Older Americans Running Up Large Credit Card Debt
A troubling survey shows that older Americans are now carrying more credit card debt than younger people, mainly due to job loss and medical bills, not because of a lack of financial responsibility.
The study looked at 997 middle-income households that were carrying credit card debt for at least three months. Of the respondents, households age 50 and older had an average credit card balance of $8,278 compared to an average debt of $6,258 for households under age 50.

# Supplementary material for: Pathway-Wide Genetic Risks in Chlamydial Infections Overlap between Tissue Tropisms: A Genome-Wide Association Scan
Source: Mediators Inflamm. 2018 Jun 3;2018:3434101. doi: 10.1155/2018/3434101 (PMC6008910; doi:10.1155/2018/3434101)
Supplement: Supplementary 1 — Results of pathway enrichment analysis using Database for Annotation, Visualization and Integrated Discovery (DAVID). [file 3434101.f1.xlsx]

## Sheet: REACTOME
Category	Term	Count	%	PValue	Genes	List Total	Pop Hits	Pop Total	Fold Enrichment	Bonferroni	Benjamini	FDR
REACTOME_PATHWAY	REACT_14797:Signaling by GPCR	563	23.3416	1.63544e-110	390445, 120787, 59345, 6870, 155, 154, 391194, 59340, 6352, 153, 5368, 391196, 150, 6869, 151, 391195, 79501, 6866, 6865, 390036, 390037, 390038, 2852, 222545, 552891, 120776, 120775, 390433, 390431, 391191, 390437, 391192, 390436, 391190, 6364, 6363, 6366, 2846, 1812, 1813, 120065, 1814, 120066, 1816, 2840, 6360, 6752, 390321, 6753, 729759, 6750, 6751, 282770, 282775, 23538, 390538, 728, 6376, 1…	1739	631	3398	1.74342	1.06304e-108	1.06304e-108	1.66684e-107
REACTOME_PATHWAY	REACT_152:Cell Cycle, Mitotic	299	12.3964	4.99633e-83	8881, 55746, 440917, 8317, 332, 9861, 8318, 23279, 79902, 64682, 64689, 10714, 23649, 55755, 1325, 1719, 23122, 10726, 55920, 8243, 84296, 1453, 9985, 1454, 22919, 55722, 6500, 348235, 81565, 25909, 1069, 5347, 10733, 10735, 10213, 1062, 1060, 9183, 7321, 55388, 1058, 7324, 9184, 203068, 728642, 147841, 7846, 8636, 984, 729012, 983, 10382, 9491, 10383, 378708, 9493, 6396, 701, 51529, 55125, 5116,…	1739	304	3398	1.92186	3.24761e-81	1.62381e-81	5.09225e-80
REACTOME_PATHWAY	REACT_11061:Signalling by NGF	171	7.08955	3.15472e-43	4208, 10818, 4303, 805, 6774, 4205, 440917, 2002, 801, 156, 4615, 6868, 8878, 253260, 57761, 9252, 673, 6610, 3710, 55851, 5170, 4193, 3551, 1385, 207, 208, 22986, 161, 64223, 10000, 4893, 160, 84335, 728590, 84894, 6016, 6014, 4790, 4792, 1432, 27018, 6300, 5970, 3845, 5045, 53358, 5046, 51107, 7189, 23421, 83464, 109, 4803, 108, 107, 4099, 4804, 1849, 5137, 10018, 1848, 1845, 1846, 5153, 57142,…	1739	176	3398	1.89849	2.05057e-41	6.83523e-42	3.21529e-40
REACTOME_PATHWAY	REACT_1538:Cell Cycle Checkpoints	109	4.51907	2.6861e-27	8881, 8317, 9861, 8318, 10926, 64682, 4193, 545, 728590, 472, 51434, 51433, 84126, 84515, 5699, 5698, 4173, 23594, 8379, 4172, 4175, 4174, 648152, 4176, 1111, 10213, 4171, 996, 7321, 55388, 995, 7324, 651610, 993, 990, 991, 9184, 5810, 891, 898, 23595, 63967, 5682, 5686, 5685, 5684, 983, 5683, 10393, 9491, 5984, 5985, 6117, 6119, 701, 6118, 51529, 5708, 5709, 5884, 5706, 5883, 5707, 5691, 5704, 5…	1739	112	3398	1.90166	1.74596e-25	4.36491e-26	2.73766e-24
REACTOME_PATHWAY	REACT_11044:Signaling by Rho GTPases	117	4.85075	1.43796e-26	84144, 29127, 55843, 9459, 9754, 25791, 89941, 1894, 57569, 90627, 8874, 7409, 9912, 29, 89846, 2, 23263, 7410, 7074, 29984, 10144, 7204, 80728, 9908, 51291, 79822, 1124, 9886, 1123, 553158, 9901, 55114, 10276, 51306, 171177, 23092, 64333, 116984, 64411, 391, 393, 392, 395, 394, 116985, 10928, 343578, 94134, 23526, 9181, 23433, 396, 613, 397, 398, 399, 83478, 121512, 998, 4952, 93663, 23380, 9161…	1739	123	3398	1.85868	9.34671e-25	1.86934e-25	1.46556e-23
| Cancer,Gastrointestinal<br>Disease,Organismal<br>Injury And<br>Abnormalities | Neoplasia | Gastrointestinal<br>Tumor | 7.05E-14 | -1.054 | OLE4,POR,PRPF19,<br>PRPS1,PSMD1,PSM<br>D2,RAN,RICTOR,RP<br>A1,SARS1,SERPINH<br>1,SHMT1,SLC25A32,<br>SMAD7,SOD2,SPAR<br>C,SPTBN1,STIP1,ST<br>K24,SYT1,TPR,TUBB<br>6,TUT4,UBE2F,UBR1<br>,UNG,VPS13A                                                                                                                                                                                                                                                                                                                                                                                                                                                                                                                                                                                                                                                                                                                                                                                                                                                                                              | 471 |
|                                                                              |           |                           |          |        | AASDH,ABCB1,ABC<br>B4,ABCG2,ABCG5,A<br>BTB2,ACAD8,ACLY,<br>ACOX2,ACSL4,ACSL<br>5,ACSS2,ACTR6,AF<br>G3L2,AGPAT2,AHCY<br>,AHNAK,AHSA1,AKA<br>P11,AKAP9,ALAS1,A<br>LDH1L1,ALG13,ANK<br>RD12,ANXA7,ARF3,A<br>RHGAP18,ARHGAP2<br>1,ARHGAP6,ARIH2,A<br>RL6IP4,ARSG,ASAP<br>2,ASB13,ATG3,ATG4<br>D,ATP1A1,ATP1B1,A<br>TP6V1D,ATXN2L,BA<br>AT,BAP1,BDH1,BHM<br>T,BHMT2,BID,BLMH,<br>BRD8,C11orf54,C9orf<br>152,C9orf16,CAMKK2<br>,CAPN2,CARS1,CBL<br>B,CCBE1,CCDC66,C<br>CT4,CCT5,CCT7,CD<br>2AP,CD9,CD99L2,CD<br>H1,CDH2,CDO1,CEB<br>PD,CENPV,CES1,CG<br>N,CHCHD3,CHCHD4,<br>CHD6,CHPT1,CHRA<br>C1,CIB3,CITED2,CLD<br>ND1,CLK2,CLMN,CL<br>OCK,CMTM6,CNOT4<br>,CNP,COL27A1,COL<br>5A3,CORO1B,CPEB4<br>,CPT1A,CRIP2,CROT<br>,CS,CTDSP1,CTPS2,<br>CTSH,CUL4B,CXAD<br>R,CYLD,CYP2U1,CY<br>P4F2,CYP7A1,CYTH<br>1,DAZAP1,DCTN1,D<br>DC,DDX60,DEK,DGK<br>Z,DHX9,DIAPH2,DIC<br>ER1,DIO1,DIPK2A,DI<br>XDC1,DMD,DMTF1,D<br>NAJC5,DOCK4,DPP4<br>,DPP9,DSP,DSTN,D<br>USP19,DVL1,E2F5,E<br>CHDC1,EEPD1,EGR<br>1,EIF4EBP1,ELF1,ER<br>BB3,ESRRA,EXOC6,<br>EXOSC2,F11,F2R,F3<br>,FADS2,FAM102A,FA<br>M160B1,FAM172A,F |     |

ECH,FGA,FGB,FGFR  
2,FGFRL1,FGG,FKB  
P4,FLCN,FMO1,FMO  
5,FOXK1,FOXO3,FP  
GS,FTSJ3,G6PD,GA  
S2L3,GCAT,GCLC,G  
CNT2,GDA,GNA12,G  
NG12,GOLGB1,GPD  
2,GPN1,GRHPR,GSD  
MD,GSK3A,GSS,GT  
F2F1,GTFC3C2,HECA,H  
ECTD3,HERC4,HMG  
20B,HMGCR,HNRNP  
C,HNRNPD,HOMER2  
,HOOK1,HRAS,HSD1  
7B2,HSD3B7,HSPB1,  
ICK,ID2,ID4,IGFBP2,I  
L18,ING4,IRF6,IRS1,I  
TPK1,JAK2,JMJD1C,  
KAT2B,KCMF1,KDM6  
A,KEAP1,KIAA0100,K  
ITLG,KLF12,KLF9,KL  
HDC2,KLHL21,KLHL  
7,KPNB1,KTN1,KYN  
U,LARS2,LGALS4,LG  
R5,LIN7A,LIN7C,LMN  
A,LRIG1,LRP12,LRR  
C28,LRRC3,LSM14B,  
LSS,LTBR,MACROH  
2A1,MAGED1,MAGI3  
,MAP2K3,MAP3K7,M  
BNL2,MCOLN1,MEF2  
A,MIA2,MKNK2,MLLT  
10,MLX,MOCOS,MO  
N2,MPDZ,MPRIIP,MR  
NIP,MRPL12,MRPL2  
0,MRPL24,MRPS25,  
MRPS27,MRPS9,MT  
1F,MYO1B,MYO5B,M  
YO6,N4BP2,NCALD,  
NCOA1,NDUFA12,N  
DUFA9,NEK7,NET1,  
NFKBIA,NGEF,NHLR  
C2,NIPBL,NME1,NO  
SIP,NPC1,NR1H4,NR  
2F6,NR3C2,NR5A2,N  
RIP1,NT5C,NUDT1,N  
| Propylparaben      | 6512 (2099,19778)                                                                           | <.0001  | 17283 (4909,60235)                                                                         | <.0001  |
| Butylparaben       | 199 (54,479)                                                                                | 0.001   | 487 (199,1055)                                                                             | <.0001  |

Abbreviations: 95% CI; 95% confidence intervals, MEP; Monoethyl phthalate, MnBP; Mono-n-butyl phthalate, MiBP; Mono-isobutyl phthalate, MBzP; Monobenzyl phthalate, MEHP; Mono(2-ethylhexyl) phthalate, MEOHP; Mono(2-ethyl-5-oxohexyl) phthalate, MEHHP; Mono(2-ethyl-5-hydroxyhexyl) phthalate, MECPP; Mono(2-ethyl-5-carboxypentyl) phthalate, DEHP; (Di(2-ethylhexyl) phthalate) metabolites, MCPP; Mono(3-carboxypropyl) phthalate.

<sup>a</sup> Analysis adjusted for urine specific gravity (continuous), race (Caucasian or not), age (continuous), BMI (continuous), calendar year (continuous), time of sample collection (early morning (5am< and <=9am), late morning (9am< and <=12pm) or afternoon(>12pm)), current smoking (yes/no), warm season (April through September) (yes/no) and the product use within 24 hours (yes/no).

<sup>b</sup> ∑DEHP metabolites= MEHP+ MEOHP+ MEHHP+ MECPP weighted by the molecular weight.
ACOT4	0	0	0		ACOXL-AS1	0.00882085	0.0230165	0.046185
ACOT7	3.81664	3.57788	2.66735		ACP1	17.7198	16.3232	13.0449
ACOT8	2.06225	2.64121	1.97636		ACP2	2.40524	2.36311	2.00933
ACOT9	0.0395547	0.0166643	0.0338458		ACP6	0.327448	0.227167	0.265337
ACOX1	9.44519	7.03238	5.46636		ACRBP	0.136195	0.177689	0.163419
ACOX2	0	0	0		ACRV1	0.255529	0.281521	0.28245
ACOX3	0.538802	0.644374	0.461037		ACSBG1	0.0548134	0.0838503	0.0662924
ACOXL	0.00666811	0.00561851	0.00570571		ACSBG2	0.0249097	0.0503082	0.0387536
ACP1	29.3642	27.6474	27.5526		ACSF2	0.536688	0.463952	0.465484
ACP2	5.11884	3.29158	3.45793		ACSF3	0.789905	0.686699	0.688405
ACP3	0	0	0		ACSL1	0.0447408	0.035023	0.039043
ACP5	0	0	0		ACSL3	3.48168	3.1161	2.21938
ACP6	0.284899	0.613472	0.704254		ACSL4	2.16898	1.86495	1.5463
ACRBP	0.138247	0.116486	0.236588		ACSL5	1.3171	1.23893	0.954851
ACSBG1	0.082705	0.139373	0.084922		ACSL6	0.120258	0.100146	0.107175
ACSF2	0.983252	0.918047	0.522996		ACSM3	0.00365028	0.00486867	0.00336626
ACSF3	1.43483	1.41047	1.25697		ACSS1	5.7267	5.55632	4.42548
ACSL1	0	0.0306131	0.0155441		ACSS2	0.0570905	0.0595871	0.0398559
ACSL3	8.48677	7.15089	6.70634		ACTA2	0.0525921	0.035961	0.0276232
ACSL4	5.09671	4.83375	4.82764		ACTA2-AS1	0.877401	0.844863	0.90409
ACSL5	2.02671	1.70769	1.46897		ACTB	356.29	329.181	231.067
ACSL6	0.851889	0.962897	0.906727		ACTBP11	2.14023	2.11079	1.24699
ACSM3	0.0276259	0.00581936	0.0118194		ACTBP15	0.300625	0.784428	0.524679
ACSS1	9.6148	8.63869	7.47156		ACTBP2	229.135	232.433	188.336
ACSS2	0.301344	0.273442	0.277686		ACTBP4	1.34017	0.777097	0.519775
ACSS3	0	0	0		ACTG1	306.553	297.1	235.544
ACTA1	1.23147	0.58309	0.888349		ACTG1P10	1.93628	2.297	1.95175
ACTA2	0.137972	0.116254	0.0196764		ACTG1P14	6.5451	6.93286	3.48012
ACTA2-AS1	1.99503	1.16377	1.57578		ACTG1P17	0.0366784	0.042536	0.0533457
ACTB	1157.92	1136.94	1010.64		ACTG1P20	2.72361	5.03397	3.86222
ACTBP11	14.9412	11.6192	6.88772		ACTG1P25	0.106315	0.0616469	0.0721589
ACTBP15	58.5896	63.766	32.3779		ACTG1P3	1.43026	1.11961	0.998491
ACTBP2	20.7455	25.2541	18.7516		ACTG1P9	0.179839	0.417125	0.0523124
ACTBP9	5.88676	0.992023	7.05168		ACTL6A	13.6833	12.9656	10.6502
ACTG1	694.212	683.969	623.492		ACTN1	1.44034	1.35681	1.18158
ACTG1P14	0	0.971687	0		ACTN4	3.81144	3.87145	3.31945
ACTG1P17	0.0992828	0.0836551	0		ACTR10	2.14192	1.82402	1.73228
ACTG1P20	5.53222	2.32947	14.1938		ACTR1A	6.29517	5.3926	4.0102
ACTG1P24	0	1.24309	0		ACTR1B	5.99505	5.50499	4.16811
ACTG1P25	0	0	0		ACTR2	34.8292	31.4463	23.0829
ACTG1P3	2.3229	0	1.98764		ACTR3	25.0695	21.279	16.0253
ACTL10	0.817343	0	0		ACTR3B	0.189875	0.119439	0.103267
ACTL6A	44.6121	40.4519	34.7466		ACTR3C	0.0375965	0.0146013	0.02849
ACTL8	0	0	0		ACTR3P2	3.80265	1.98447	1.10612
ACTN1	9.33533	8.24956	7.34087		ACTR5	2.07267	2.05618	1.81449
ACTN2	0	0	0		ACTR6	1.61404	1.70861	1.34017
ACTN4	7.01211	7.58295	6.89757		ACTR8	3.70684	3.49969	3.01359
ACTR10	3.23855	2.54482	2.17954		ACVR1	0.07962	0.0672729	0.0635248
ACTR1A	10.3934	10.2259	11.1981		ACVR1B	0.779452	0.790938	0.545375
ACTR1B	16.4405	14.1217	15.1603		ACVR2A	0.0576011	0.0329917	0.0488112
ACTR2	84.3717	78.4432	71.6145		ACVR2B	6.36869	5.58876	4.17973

The Demos’ 2012 National Survey on Credit Card Debt of Low- and Middle-Income Households was done on behalf of AARP. The survey also found:
- Half of the older households were carrying medical expenses, such as prescription drugs and dental expenses, on their credit card accounts.
- 34 percent of the older households were using their credit cards to pay for basic living expenses such as groceries, utilities and housing costs.
- Job loss was a factor in running up credit card debt in nearly 25 percent of the older households.
- But the older households have a much bigger heart than the younger households: 23 percent have taken on credit card debt to help other family members versus 11 percent of the younger households.